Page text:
The passing of Achmat Dangor has left us feeling bereft. He was far more to us than just a former Chief Executive of the Nelson Mandela Foundation. He led the organisation through a challenging time of transition as Madiba stepped away from public life and in the process mentored many of us and, for some, became a friend. And even when he had moved on and his plate was full with new challenges, he never stopped supporting us. It felt that he was always there. We mourn his loss together with his family and friends. At this difficult time, our thoughts are with his partner Audrey Elster, his children Yasmin, Zane and Zachary, his grandchildren and his brothers and sister.
Achmat gave many years of outstanding service to structures of civil society in South Africa – including the Foundation, the Nelson Mandela Children’s Fund, Kagiso Trust and the Ford Foundation. He received many accolades for his tenure with UNAids in Geneva. His passion for justice and his managerial experience made him an adroit leader.
He joined the Foundation in 2007, tasked with turning what was Madiba’s post-presidential office into a human rights oriented non-profit doing social justice work in the memory-dialogue nexus. “He did an extraordinary job for Madiba and the organisation,” said Foundation Chairman Professor Njabulo Ndebele. “In just six years he enabled Madiba to step away, and he retooled the organisation to fulfil Madiba’s dream for it.” Chief Executive Sello Hatang, who succeeded Achmat in the position in 2013, said: “He saw in me something that I could not see. And he always saw a glimmer of light through whatever storm clouds were gathering. This feels like the saddest and heaviest day of my professional life.”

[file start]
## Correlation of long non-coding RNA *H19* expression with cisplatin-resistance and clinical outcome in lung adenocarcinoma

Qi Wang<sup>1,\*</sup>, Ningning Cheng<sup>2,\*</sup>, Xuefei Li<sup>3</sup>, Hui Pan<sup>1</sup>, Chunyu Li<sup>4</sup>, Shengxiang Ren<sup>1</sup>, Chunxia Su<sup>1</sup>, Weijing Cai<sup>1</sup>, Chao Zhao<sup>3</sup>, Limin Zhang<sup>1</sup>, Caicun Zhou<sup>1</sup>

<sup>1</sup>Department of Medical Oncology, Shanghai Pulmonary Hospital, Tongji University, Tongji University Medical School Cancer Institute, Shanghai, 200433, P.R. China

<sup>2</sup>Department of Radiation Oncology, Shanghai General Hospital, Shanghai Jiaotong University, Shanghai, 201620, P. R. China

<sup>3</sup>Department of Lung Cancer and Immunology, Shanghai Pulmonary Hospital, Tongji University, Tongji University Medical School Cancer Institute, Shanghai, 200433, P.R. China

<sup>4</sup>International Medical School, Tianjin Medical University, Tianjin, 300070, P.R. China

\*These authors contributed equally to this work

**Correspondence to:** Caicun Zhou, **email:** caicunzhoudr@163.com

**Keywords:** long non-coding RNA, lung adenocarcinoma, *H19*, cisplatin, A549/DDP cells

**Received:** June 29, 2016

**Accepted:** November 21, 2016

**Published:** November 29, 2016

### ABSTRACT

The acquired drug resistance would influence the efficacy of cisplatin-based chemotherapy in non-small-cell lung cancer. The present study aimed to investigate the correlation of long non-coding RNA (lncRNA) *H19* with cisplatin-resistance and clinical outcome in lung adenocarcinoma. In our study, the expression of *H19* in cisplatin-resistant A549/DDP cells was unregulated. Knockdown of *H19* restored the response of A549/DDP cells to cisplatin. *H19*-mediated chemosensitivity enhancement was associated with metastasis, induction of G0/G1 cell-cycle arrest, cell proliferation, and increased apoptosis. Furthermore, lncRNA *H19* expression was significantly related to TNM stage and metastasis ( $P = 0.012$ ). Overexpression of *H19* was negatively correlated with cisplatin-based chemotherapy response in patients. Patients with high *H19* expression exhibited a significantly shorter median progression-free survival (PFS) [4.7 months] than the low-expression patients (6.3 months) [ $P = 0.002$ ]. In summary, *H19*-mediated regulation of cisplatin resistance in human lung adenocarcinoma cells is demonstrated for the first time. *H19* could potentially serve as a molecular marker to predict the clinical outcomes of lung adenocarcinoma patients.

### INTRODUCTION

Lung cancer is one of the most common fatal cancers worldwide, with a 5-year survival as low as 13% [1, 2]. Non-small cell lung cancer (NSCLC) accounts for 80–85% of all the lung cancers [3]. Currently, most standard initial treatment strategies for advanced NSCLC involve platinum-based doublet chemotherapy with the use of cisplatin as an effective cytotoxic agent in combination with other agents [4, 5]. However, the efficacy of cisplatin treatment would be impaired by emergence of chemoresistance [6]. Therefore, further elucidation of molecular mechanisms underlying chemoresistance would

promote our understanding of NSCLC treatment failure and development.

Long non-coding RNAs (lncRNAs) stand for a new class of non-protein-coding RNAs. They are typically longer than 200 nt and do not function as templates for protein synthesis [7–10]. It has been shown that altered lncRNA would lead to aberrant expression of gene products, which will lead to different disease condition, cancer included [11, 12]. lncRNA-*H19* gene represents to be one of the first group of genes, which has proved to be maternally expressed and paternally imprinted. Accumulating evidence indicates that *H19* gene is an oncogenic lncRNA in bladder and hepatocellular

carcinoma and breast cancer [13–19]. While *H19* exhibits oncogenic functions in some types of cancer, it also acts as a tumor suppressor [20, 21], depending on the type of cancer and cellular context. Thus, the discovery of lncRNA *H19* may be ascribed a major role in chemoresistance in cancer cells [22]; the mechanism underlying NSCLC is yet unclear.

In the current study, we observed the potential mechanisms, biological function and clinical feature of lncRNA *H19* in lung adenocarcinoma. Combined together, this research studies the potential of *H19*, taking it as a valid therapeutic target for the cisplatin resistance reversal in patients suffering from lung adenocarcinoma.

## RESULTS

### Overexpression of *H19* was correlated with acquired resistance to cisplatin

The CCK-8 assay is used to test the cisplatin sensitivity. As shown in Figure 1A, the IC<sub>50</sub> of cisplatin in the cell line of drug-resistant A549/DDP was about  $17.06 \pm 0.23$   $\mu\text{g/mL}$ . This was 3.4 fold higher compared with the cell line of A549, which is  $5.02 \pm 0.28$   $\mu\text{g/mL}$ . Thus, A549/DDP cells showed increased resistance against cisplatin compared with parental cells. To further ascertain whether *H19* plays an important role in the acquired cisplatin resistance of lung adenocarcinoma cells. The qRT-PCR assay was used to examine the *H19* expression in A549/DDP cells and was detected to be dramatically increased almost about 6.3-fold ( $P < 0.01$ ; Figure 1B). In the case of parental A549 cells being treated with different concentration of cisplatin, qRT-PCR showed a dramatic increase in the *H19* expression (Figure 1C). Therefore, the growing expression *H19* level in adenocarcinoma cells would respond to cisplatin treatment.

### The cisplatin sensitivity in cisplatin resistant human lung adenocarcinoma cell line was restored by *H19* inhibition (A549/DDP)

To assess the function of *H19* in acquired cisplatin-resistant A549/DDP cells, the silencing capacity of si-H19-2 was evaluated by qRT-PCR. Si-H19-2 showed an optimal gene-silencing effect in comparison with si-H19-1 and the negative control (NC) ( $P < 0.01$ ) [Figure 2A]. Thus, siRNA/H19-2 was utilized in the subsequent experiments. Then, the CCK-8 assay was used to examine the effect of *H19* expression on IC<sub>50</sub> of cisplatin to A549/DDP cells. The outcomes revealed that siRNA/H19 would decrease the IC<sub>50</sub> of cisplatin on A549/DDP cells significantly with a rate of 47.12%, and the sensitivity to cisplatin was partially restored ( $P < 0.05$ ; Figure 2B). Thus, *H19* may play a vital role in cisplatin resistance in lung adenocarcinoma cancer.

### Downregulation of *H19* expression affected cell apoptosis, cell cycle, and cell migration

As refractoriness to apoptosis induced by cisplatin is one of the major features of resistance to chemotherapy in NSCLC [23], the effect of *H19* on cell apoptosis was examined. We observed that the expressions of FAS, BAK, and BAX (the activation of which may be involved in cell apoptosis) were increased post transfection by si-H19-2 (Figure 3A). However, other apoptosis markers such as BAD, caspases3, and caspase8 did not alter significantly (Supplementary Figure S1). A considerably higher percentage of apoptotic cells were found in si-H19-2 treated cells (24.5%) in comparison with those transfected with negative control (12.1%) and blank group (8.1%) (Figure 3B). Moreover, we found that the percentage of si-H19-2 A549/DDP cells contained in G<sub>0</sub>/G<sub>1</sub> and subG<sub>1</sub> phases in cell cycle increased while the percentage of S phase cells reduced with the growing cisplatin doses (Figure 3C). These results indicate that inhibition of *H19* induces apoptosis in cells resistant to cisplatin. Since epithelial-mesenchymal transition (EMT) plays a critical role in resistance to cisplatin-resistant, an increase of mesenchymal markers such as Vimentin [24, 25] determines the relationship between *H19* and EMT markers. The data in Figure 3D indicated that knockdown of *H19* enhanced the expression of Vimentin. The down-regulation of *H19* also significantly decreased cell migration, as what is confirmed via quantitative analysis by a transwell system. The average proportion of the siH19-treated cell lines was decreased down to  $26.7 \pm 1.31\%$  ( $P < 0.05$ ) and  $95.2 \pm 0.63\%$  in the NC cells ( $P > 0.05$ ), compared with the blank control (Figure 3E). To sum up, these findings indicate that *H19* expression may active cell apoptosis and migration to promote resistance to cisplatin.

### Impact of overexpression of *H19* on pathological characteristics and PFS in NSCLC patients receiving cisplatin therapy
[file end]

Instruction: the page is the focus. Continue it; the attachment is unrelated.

Achmat, of course, had an extraordinary life beyond institutional space. He had cut his teeth politically in the Black Consciousness Movement, worked with Bantu Steve Biko and other leaders of that generation, and gone on to support anti-apartheid work in a variety of settings and locations. As his apartheid era security establishment file demonstrates, he was always able to keep one step ahead of the authorities.
He was an accomplished writer, and a founding member and Vice-President of the Congress of South African Writers. Among his brilliant and celebrated contributions to South African literature are works such as Bitter Fruit and Kafka’s Curse.
In many ways he sacrificed his calling as an author to the social justice work which he made a priority for his life. In later years, colleagues would urge him to make space for his writing. Always he’d respond with that trademark mischievous smile, and a cryptic statement like: “But it’s people like you who make it impossible for me to have the peace and quiet writing requires.”
We will remember Achmat for so many things: his willingness to take tough decisions; his determination to play the long game and resist pressure to take the easy option; his strategic nous; and his calm in the midst of crisis.
And there was his special relationship with Madiba. They were relaxed in each other’s company, always shared a laugh, often at each other’s expense. Like the day Achmat waited at the Foundation’s front entrance to walk out to a photo opportunity with Madiba. This at a time when Madiba needed someone’s arm to steady him. Another colleague walked Madiba down the long corridor and then stepped back for Achmat to take over. “Ah Achmat,” said Madiba, “now you can do some real work.”
We have lost a great South African and a special human being. Achmat’s life was a life well lived. It was a full life, lived with courage, humour and a relentless honesty. We will miss him. And we will always remember him.
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